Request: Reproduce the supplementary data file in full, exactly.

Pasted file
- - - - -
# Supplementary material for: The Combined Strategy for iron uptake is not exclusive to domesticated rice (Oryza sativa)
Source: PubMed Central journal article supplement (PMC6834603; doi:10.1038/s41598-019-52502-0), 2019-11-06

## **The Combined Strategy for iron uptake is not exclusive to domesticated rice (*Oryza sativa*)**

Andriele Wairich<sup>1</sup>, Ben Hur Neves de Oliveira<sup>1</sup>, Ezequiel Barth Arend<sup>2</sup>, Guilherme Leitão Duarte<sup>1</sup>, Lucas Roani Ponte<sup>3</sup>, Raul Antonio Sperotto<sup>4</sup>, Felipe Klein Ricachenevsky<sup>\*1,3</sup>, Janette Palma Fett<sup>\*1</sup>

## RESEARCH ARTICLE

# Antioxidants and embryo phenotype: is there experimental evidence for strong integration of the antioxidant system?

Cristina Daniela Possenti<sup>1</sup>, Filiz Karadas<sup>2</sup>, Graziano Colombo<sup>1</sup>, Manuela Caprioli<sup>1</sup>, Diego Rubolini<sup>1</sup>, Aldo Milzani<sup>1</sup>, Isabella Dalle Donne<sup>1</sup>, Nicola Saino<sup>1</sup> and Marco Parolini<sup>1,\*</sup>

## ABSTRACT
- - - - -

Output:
# Supplementary material for: The Combined Strategy for iron uptake is not exclusive to domesticated rice (Oryza sativa)
Source: PubMed Central journal article supplement (PMC6834603; doi:10.1038/s41598-019-52502-0), 2019-11-06

## **The Combined Strategy for iron uptake is not exclusive to domesticated rice (*Oryza sativa*)**

Andriele Wairich<sup>1</sup>, Ben Hur Neves de Oliveira<sup>1</sup>, Ezequiel Barth Arend<sup>2</sup>, Guilherme Leitão Duarte<sup>1</sup>, Lucas Roani Ponte<sup>3</sup>, Raul Antonio Sperotto<sup>4</sup>, Felipe Klein Ricachenevsky<sup>\*1,3</sup>, Janette Palma Fett<sup>\*1</sup>

## RESEARCH ARTICLE

# Antioxidants and embryo phenotype: is there experimental evidence for strong integration of the antioxidant system?

Cristina Daniela Possenti<sup>1</sup>, Filiz Karadas<sup>2</sup>, Graziano Colombo<sup>1</sup>, Manuela Caprioli<sup>1</sup>, Diego Rubolini<sup>1</sup>, Aldo Milzani<sup>1</sup>, Isabella Dalle Donne<sup>1</sup>, Nicola Saino<sup>1</sup> and Marco Parolini<sup>1,\*</sup>

## ABSTRACT